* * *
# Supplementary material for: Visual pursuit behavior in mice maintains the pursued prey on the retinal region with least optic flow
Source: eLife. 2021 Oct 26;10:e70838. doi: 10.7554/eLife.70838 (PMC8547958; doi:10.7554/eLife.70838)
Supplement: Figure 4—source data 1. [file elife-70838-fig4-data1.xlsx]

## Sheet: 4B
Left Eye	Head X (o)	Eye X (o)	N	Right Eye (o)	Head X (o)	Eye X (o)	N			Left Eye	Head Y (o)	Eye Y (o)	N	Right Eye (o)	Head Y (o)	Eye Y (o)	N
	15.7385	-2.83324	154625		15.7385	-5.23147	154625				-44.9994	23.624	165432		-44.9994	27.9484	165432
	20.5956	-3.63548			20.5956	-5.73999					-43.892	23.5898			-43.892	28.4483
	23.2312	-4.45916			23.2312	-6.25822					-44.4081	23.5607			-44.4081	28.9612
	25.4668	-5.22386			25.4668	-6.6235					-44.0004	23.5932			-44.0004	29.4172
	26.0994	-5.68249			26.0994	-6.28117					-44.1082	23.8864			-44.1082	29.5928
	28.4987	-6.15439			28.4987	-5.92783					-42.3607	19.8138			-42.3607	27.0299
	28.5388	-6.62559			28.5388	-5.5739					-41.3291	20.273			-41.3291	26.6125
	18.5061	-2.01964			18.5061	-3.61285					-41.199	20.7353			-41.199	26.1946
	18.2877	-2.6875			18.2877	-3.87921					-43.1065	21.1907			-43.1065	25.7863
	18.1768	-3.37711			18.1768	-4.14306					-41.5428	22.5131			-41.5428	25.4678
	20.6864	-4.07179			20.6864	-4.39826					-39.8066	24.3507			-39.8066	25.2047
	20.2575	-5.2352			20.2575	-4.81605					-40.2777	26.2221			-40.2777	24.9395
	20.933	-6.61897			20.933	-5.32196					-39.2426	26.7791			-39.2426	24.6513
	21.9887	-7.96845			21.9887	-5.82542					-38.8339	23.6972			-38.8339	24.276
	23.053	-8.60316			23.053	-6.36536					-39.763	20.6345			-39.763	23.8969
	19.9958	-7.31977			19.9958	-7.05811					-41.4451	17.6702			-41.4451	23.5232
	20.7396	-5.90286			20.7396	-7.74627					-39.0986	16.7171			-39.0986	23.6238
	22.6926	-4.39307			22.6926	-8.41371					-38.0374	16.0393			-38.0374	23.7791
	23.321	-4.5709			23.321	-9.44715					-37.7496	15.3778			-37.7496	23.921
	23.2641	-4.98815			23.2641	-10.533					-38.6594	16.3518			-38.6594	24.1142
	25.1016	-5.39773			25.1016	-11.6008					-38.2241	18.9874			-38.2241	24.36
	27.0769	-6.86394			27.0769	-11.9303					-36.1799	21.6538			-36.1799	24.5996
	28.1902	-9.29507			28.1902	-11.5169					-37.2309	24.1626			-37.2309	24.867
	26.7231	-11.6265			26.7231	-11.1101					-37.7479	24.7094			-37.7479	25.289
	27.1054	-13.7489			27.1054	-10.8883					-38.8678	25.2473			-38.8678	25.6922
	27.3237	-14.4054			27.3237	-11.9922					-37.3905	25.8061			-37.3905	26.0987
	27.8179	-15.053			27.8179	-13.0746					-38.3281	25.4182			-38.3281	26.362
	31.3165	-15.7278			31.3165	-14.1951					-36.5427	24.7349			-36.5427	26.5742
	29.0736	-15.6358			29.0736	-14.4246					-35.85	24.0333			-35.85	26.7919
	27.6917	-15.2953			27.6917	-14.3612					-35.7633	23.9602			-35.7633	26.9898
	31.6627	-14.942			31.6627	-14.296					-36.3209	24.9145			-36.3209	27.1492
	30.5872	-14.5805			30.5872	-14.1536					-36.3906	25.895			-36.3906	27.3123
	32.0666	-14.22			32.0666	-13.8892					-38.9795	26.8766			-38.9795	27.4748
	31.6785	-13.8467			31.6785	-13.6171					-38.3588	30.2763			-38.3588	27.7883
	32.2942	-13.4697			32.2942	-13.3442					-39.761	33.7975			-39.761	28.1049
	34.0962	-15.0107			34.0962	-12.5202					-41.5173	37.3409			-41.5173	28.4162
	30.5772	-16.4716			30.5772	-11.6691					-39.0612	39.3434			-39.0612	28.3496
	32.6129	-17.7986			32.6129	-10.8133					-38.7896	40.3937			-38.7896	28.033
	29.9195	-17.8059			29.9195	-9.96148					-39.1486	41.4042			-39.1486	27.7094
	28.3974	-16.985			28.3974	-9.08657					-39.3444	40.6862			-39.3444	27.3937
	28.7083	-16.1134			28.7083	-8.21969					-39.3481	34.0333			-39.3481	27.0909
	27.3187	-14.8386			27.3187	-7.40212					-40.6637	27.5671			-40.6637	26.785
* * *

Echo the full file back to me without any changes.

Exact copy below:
# Supplementary material for: Visual pursuit behavior in mice maintains the pursued prey on the retinal region with least optic flow
Source: eLife. 2021 Oct 26;10:e70838. doi: 10.7554/eLife.70838 (PMC8547958; doi:10.7554/eLife.70838)
Supplement: Figure 4—source data 1. [file elife-70838-fig4-data1.xlsx]

## Sheet: 4B
Left Eye	Head X (o)	Eye X (o)	N	Right Eye (o)	Head X (o)	Eye X (o)	N			Left Eye	Head Y (o)	Eye Y (o)	N	Right Eye (o)	Head Y (o)	Eye Y (o)	N
	15.7385	-2.83324	154625		15.7385	-5.23147	154625				-44.9994	23.624	165432		-44.9994	27.9484	165432
	20.5956	-3.63548			20.5956	-5.73999					-43.892	23.5898			-43.892	28.4483
	23.2312	-4.45916			23.2312	-6.25822					-44.4081	23.5607			-44.4081	28.9612
	25.4668	-5.22386			25.4668	-6.6235					-44.0004	23.5932			-44.0004	29.4172
	26.0994	-5.68249			26.0994	-6.28117					-44.1082	23.8864			-44.1082	29.5928
	28.4987	-6.15439			28.4987	-5.92783					-42.3607	19.8138			-42.3607	27.0299
	28.5388	-6.62559			28.5388	-5.5739					-41.3291	20.273			-41.3291	26.6125
	18.5061	-2.01964			18.5061	-3.61285					-41.199	20.7353			-41.199	26.1946
	18.2877	-2.6875			18.2877	-3.87921					-43.1065	21.1907			-43.1065	25.7863
	18.1768	-3.37711			18.1768	-4.14306					-41.5428	22.5131			-41.5428	25.4678
	20.6864	-4.07179			20.6864	-4.39826					-39.8066	24.3507			-39.8066	25.2047
	20.2575	-5.2352			20.2575	-4.81605					-40.2777	26.2221			-40.2777	24.9395
	20.933	-6.61897			20.933	-5.32196					-39.2426	26.7791			-39.2426	24.6513
	21.9887	-7.96845			21.9887	-5.82542					-38.8339	23.6972			-38.8339	24.276
	23.053	-8.60316			23.053	-6.36536					-39.763	20.6345			-39.763	23.8969
	19.9958	-7.31977			19.9958	-7.05811					-41.4451	17.6702			-41.4451	23.5232
	20.7396	-5.90286			20.7396	-7.74627					-39.0986	16.7171			-39.0986	23.6238
	22.6926	-4.39307			22.6926	-8.41371					-38.0374	16.0393			-38.0374	23.7791
	23.321	-4.5709			23.321	-9.44715					-37.7496	15.3778			-37.7496	23.921
	23.2641	-4.98815			23.2641	-10.533					-38.6594	16.3518			-38.6594	24.1142
	25.1016	-5.39773			25.1016	-11.6008					-38.2241	18.9874			-38.2241	24.36
	27.0769	-6.86394			27.0769	-11.9303					-36.1799	21.6538			-36.1799	24.5996
	28.1902	-9.29507			28.1902	-11.5169					-37.2309	24.1626			-37.2309	24.867
	26.7231	-11.6265			26.7231	-11.1101					-37.7479	24.7094			-37.7479	25.289
	27.1054	-13.7489			27.1054	-10.8883					-38.8678	25.2473			-38.8678	25.6922
	27.3237	-14.4054			27.3237	-11.9922					-37.3905	25.8061			-37.3905	26.0987
	27.8179	-15.053			27.8179	-13.0746					-38.3281	25.4182			-38.3281	26.362
	31.3165	-15.7278			31.3165	-14.1951					-36.5427	24.7349			-36.5427	26.5742
	29.0736	-15.6358			29.0736	-14.4246					-35.85	24.0333			-35.85	26.7919
	27.6917	-15.2953			27.6917	-14.3612					-35.7633	23.9602			-35.7633	26.9898
	31.6627	-14.942			31.6627	-14.296					-36.3209	24.9145			-36.3209	27.1492
	30.5872	-14.5805			30.5872	-14.1536					-36.3906	25.895			-36.3906	27.3123
	32.0666	-14.22			32.0666	-13.8892					-38.9795	26.8766			-38.9795	27.4748
	31.6785	-13.8467			31.6785	-13.6171					-38.3588	30.2763			-38.3588	27.7883
	32.2942	-13.4697			32.2942	-13.3442					-39.761	33.7975			-39.761	28.1049
	34.0962	-15.0107			34.0962	-12.5202					-41.5173	37.3409			-41.5173	28.4162
	30.5772	-16.4716			30.5772	-11.6691					-39.0612	39.3434			-39.0612	28.3496
	32.6129	-17.7986			32.6129	-10.8133					-38.7896	40.3937			-38.7896	28.033
	29.9195	-17.8059			29.9195	-9.96148					-39.1486	41.4042			-39.1486	27.7094
	28.3974	-16.985			28.3974	-9.08657					-39.3444	40.6862			-39.3444	27.3937
	28.7083	-16.1134			28.7083	-8.21969					-39.3481	34.0333			-39.3481	27.0909
	27.3187	-14.8386			27.3187	-7.40212					-40.6637	27.5671			-40.6637	26.785